Thursday 16 April 2015

Orange is the New Black - I’m just telling you how to survive.

Orange is the New Black: 2x09 40 OZ of Furlough.

Piper’s dad: I’m sorry honey, I just can’t see you like that.
Piper: Like what?
Piper’s dad: You’re my little girl. That woman in there, that’s not who you are.
Piper: That’s exactly who I am. 
What a wonderful kid you WERE. Always ACHIEVING. We just want you to know, dear, we still see you as that person. We’re sure you’re anxious to return to THAT person.
Piper: I’m not, actually.
What effect does being in Litchfield have on the inmates? What do they turn into, how far are they willing to go to survive, what happens to friendship and love? Piper gets to leave prison behind for 48 hours to attend her grandmother’s wake and funeral, but she can’t leave the person that she has become behind. Poussey, attempting to be pragmatic for once and selling cigarettes for Vee, discovers that she is up to much more terrible things than just smuggling tobacco into prison, and that Taystee – her life partner, her friend, her anchor – is deeply involved in all of it, an unwilling to give it up. We see how Red and Vee ended up on opposite sides, struggling for their power, and how ruthless Vee is, how willing she is to exploit any kind of emotional weakness. We see what happens when someone doesn’t feel taken seriously, not appreciated enough – when Red holds a feast to apologize to her friends (and perhaps, consolidate her power), she doesn’t realize how much Big Boo is asking for, and what the consequences of Boo knowing about her pathway into prison and being aware how much that knowledge would be worth to Vee could be. What can you count on when everyone spends every day looking over their own shoulder or counting their profits? 
Piper seems to come to the conclusion that she cannot deny being the person who did all the things that landed her in prison, because embracing this fact is the only way she will survive the fall-out. Being denied that identity by her whole family, who remembers only parts of her, and whatever story her parents want to tell about her, is constricting, it makes having to go back and face more time inside impossible. She has to embrace her identity rather than pretend that being with Alex was a slip-up, something that didn’t fit in with who she was. It would mean denying her resilience and ability to survive and even grow, her strength and resourcefulness. Her old life is packed in boxes. Her fiancé tells her that he has been seeing someone else (for now, he only mentions that she knows that person, the reveal that it’s Polly will be even harder to bear). More than anything, her furlough isn’t a chance to say goodbye to her grandmother (which she does in telling a quite moving story – “life is made in mistakes” – while her brother turns the whole proceedings into a chance to get married with food and drinks provided by someone else), but to finally come to terms with who she has become in Litchfield, or perhaps, who she has always been. She is alienated by the way she is approached by everyone in her family, because this is no longer her reality. Keeping the parts of herself that resemble the person they are describing safely locked up so she can return to her once she leaves Litchfield isn’t going to help her. She demands to be seen as a whole person – problematic, flawed, occasionally terrible, but also, in light of the way that she is stripped of dignity and private pace, strong, fierce, stubborn.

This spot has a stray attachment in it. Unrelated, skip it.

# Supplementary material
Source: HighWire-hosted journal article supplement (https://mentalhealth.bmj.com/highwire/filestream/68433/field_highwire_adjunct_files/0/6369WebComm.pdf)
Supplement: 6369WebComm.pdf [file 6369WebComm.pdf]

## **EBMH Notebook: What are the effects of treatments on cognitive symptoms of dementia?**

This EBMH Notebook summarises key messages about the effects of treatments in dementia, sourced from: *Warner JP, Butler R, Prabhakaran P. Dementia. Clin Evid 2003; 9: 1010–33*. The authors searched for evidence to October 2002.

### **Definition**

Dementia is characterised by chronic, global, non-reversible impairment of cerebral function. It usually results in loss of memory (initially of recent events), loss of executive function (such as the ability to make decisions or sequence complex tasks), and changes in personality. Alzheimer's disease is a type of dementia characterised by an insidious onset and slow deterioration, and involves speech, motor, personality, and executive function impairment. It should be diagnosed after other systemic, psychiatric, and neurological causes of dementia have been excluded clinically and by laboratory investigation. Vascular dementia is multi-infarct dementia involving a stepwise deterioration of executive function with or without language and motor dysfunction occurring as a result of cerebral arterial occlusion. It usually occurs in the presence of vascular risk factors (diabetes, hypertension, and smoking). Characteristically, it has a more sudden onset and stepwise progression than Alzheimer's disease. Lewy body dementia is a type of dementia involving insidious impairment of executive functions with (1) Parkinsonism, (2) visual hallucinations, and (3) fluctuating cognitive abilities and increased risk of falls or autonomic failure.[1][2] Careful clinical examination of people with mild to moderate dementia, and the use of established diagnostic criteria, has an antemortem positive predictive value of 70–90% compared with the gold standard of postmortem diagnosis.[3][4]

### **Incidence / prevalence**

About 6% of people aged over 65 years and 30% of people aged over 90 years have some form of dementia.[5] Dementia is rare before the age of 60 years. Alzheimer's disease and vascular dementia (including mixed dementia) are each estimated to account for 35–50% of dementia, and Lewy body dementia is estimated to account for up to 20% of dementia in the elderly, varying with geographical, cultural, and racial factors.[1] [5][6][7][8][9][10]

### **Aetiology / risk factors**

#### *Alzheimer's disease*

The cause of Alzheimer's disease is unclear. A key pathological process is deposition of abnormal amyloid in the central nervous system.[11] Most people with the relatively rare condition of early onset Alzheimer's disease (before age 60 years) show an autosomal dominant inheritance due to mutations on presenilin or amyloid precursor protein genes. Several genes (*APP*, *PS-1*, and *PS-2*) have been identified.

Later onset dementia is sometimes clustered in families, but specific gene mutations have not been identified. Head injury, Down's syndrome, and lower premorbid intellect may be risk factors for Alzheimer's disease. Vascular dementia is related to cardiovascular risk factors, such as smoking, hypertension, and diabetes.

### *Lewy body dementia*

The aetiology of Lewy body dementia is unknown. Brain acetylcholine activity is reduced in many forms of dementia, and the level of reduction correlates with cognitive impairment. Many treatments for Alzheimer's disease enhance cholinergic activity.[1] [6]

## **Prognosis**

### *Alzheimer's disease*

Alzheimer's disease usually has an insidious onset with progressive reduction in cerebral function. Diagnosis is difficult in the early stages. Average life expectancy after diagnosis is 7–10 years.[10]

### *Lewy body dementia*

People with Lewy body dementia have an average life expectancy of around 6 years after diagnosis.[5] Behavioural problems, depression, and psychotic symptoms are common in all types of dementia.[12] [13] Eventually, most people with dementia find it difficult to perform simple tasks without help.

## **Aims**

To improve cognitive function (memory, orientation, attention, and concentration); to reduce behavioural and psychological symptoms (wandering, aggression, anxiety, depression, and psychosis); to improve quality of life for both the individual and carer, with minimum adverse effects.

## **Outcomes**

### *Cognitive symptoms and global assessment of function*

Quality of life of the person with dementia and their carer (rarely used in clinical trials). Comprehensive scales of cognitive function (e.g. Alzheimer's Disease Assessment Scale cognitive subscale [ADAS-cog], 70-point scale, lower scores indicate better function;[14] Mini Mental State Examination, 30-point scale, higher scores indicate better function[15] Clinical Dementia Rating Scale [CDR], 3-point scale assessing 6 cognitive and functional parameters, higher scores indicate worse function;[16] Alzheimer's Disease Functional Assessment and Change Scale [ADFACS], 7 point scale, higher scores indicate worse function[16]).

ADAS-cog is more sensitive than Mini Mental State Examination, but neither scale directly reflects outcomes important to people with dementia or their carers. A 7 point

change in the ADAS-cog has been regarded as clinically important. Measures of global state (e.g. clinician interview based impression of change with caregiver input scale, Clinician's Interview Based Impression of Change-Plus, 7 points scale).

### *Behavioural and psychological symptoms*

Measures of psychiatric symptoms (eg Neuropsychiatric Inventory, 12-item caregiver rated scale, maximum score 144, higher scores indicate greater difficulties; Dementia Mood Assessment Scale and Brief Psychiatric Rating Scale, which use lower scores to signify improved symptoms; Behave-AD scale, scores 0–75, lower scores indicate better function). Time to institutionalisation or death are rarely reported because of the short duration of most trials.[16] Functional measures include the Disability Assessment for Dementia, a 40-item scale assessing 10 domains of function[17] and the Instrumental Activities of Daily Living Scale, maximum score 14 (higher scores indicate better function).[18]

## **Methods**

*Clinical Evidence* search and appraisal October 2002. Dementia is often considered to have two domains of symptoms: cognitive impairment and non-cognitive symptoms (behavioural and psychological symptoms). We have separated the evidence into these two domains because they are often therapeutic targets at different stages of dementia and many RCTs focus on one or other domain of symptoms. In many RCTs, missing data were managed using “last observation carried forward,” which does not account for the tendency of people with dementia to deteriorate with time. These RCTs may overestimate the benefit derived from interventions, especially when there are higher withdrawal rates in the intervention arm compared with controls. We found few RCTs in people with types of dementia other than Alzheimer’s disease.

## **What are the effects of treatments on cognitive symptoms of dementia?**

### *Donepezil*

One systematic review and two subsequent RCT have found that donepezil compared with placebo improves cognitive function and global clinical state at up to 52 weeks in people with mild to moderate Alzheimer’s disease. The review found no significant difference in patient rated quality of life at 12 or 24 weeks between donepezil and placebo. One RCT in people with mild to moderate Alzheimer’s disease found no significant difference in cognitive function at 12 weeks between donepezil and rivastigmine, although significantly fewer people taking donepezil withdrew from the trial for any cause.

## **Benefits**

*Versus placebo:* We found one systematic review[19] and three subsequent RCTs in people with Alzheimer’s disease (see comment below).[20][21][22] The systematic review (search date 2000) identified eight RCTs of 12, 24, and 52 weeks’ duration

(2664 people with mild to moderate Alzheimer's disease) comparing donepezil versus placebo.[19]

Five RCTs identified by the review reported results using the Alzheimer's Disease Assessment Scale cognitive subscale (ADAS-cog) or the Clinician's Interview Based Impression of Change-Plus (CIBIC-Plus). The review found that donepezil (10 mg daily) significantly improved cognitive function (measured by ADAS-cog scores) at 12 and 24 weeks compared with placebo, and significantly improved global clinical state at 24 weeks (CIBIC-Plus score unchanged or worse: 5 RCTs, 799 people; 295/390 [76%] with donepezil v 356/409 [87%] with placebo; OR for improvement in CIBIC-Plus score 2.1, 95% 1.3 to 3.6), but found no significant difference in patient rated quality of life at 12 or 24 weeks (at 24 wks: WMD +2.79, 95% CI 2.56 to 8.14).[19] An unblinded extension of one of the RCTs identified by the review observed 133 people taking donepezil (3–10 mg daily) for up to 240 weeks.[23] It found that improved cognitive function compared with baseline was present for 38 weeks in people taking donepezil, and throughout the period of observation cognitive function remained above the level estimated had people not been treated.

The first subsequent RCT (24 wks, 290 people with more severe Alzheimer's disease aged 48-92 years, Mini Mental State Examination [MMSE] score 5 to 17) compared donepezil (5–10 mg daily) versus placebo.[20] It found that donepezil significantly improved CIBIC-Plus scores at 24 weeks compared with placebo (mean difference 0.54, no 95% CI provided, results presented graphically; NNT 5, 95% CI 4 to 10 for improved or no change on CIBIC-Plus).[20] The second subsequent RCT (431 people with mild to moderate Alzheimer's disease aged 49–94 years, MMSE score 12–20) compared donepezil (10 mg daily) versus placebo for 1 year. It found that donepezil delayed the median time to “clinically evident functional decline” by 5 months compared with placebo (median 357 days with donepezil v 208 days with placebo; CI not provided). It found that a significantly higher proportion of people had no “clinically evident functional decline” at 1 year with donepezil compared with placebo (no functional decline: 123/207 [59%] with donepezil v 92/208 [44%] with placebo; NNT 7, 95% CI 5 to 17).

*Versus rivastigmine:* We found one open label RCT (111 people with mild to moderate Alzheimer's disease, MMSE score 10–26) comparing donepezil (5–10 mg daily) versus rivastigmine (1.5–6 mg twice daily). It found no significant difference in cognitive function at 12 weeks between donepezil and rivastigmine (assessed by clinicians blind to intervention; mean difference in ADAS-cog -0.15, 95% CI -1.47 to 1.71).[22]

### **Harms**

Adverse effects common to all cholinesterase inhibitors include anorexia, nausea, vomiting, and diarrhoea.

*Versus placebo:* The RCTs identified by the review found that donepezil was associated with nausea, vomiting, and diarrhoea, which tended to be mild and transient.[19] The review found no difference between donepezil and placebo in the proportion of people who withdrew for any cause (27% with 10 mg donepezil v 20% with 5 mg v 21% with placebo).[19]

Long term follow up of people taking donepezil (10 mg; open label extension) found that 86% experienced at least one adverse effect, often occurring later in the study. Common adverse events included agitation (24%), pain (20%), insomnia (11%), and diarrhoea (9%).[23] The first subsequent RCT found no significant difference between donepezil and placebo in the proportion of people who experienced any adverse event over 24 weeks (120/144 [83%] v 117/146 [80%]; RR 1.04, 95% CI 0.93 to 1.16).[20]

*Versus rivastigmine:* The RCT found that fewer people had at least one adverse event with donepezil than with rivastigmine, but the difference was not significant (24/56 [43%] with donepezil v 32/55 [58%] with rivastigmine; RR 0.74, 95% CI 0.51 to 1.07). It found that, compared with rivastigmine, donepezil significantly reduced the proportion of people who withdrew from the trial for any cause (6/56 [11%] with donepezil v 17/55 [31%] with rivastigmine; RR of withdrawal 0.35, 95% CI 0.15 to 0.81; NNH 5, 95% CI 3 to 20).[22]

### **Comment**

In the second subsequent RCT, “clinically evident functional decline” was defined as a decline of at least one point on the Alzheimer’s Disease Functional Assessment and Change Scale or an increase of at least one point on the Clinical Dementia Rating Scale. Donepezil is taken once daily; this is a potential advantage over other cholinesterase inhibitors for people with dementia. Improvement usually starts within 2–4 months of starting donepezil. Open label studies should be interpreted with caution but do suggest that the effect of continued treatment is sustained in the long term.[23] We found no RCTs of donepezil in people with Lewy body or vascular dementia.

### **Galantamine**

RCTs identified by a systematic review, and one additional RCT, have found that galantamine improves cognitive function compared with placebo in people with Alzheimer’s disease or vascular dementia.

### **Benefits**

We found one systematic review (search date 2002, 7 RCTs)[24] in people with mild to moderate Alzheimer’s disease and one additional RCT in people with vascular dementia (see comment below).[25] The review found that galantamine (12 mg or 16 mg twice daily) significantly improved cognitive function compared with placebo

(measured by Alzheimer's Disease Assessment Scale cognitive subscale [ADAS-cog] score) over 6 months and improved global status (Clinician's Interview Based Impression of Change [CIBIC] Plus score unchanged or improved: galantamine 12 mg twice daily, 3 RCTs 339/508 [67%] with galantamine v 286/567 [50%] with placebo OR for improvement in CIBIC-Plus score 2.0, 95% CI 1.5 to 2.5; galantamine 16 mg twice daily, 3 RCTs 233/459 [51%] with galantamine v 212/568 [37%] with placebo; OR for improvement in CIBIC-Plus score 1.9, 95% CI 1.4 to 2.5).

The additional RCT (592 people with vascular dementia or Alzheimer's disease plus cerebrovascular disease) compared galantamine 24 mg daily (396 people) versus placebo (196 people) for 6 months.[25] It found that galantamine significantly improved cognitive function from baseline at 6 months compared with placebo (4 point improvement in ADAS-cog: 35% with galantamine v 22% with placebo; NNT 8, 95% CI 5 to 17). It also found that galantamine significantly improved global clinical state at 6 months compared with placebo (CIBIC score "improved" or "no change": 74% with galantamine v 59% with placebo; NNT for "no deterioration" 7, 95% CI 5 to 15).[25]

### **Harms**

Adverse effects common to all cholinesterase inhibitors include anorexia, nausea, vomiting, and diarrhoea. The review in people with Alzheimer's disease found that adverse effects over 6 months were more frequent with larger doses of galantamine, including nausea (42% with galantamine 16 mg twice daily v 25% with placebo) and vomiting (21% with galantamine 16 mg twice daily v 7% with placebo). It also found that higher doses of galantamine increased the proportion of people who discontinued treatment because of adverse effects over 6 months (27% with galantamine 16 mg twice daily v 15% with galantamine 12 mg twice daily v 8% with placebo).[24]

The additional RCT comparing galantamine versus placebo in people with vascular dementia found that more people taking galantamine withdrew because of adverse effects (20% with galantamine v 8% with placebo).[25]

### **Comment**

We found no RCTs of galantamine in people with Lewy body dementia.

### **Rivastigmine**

Elsewhere, back in Litchfield, Healy struggles through an appointment with a counsellor to address his severe anger management issues (“I thought we just established that I’m uncomfortable with everything”), and the fact that he is now disillusioned by his job. She tells him that shifting our perspective a little bit can make all the difference, and that is just what he does when he realizes that Pennsatucky of all people (sent to him after she beats up Leanne) shares his issues. Like he, she sometimes feels overwhelmed by her feelings and incapable of expressing them in any other form but aggression. In a way, they start saving each other in their terrible dysfunctional way. Healy will work through his issues by counselling her. They’re maybe the two loneliest people in Litchfield, and tragic-comic in their abandonment, but at least they’re two characters who are trying very hard this episode.